Saturday, June 28, 2008

Mugabe set to be declared 'winner'

Robert Mugabe looks set to win Friday’s run-off election in what has been a campaign of intimidation and violence against the opposition MDC. Even critical comments from other African leaders failed to influence Mugabe who has ruled Zimbabwe for 28 years. On Wednesday, Nelson Mandela made his first outspoken but brief comment on the Mugabe regime while in a visit to London. He said there had been a “tragic failure of leadership” in the country but his comments have been criticised for not going further. Nonetheless, hes successor, Thabo Mbeki has yet to make any substantial statement on the chaos that has surrounded the Zimbabwe elections [BBC]. Other African leaders have attempted to bring about discussions. Zambia’s President Levy Mwanawasa has attempted to bring about talks, the governments of Swaziland, Tanzania and Angola have said conditions would not permit a free and fair election, and Jacob Zuma, President of the African National Congress, has described the situation in Zimbabwe as being “out of control”. But in the main African voices have been mute over the continuing crisis [BBC].

Yesterday saw a low turn out across the country with few people on the streets, though the government claims the turn out was high. The few journalists in the country reported that some had been forced to attend polling stations and vote for Mugabe. Others attended voluntarily, but only to obtain the mark on their finger to indicate they had voted and prevent any retribution by Zanu-PF ‘thugs’.

The MDC has sought refuge in the Dutch embassy in Harare and many ordinary Zimbabweans have also sought sanctuary in the relative safety of the South African Embassy in the capital. But for many others their is no sanctuary from the retribution met out for not supporting Robert Mugabe. In addition they live in a country with inflation racing out of control and with unemployment soaring.

There have been harsh words spoken by many world leaders, most notably Gordon Brown, President George W Bush and Secretary of State Condoleezza Rice. But there have only been token actions implemented against the Mugabe government. On Wednesday Robert Mugabe was stripped of his honorary knighthood, but many have asked why it took so long. The honour was removed as a “mark of revulsion at the abuse of human rights and abject disregard for democracy” according to the Foreign Office [BBC]. And in another token effort to further isolate the Mugabe regime the England and Wales Cricket Board cancelled Zimbabwe's 2009 tour. But these measures are unlikely to affect the thinking, nor the behaviour of Mugabe and his Zanu-PF followers.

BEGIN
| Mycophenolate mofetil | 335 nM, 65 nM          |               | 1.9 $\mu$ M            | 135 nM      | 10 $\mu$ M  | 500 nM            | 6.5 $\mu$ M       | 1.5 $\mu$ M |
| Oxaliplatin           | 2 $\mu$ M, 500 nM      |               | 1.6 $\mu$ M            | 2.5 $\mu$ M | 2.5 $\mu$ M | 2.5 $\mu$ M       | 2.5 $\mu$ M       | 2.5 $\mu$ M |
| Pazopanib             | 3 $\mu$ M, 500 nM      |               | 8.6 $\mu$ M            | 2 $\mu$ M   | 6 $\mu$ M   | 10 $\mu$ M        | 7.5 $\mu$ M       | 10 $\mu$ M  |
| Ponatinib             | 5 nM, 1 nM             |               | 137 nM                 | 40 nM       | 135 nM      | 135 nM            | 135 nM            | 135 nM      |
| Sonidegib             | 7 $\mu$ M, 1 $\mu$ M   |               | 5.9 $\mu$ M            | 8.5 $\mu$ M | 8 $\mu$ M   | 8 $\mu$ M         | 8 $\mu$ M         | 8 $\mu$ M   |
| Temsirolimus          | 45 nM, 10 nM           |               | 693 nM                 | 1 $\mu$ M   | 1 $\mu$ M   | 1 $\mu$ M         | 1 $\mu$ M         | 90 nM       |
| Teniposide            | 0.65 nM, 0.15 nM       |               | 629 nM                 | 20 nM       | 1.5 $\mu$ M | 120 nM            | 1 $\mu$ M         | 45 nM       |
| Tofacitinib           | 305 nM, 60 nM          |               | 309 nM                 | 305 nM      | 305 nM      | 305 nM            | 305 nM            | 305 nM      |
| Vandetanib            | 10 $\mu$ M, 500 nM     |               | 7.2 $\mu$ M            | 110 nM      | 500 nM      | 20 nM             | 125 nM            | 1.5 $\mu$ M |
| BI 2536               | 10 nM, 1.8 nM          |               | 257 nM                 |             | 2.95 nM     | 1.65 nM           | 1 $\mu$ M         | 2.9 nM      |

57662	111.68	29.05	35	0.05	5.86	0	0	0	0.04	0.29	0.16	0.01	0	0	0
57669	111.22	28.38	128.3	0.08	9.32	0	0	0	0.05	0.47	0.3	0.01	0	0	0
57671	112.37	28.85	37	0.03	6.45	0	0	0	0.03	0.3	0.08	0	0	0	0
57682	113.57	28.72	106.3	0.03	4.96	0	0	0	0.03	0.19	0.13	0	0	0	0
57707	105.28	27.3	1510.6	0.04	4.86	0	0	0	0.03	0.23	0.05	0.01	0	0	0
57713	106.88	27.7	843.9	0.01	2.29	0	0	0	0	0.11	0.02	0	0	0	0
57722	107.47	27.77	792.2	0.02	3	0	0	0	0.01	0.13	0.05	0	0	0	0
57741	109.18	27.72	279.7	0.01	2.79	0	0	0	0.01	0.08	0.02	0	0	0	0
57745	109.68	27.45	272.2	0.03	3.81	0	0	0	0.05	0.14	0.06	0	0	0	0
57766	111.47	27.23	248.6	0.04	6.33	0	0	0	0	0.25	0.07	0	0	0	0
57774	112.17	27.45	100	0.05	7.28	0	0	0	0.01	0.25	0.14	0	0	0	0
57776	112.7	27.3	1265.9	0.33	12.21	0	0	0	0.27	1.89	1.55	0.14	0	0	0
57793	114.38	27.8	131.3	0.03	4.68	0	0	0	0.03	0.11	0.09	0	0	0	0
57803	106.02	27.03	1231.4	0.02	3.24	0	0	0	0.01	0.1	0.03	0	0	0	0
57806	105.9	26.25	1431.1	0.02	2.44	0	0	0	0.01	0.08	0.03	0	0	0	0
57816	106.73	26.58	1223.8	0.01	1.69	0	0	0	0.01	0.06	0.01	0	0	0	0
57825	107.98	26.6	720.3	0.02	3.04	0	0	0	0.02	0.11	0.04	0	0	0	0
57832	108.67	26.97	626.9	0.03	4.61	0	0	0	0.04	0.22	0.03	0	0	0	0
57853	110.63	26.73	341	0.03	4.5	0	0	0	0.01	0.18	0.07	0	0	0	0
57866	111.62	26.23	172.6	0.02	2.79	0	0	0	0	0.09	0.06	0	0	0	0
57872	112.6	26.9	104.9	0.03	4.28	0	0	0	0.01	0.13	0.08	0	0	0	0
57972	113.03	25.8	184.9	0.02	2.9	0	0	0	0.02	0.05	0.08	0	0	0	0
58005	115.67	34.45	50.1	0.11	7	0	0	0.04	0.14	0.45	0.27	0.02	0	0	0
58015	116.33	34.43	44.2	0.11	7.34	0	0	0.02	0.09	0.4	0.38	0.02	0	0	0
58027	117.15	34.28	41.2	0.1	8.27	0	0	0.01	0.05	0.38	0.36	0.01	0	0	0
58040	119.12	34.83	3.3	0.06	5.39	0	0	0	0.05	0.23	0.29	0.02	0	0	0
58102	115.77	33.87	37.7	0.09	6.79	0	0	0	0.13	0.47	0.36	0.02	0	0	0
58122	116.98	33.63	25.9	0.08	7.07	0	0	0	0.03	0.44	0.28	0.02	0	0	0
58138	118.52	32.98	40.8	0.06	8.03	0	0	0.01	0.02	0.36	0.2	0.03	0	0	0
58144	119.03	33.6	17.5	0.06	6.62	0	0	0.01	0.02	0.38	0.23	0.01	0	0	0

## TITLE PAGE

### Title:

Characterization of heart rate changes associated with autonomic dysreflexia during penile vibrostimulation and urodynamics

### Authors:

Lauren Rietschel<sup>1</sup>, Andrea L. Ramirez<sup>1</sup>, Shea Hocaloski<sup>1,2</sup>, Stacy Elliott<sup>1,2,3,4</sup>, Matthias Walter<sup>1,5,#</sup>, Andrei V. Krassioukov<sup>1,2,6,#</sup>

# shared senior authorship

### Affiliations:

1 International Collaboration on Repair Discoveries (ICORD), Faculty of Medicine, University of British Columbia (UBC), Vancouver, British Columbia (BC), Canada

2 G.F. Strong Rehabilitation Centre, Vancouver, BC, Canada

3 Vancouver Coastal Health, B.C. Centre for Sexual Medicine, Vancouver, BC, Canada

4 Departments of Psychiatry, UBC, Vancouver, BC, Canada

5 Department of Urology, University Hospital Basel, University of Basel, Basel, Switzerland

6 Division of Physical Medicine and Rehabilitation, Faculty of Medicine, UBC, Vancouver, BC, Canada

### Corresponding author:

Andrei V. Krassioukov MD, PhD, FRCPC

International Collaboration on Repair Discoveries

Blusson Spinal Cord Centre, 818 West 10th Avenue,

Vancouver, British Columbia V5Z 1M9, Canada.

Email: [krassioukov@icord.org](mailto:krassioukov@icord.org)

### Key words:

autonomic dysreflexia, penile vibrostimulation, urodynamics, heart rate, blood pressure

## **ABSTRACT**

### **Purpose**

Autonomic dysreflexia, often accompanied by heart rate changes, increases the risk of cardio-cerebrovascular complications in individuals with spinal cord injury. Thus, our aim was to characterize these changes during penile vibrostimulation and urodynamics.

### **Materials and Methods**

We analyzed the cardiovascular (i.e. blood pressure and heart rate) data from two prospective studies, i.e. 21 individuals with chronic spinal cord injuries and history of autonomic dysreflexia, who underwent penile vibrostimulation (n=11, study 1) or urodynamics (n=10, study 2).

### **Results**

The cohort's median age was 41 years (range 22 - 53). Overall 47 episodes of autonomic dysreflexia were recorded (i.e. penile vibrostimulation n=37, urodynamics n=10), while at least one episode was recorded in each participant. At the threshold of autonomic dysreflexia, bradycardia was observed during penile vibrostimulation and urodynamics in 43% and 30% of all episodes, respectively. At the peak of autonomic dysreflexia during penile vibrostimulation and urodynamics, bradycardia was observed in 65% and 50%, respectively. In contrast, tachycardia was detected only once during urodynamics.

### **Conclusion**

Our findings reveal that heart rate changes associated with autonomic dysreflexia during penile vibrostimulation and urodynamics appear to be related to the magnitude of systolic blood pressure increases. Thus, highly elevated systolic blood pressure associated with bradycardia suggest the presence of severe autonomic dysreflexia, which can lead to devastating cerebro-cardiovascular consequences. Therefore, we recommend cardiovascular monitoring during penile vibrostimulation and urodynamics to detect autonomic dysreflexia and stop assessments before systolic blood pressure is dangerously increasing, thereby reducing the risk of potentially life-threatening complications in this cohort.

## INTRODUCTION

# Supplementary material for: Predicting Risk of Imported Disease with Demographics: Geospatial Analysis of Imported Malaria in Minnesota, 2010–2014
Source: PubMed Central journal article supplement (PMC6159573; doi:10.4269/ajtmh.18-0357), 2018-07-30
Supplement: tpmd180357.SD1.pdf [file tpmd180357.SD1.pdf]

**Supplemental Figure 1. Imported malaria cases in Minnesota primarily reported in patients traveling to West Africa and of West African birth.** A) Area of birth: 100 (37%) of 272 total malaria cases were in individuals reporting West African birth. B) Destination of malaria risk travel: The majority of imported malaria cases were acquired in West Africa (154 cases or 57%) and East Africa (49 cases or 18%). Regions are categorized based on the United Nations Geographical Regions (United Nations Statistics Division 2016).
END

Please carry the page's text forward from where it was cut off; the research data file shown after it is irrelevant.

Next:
Gordon Brown has announced that further sanctions would be put in place, however many British companies have been the subject of criticism for their continued investment in the country. At least 130 Zanu-PF members are named on an EU travel ban, but there are omissions and there have been calls to extend the list further. Opposition leader David Cameron called for companies with investments in the country to “seriously examine their consciences” with regards to their continued trade with the despotic government.

WPP, Unilever, British American Tobacco, Standard Chartered, Old Mutual, Lonrho, Shell, BP and Barclays are just some of the Western companies heavily involved in Zimbabwe and the company Anglo-American is planning to build a platinum mine according to Channel Four News. But the Anglo-American have released a statement saying they will be “reviewing all options surrounding the development of the project”. And because Prime Minister Gordon Brown says he does not wish to further increase poverty in the country for ordinary Zimbabweans, it is unlikely these companies will face any sanctions themselves [al-Jazeera / CNN / Sky News].

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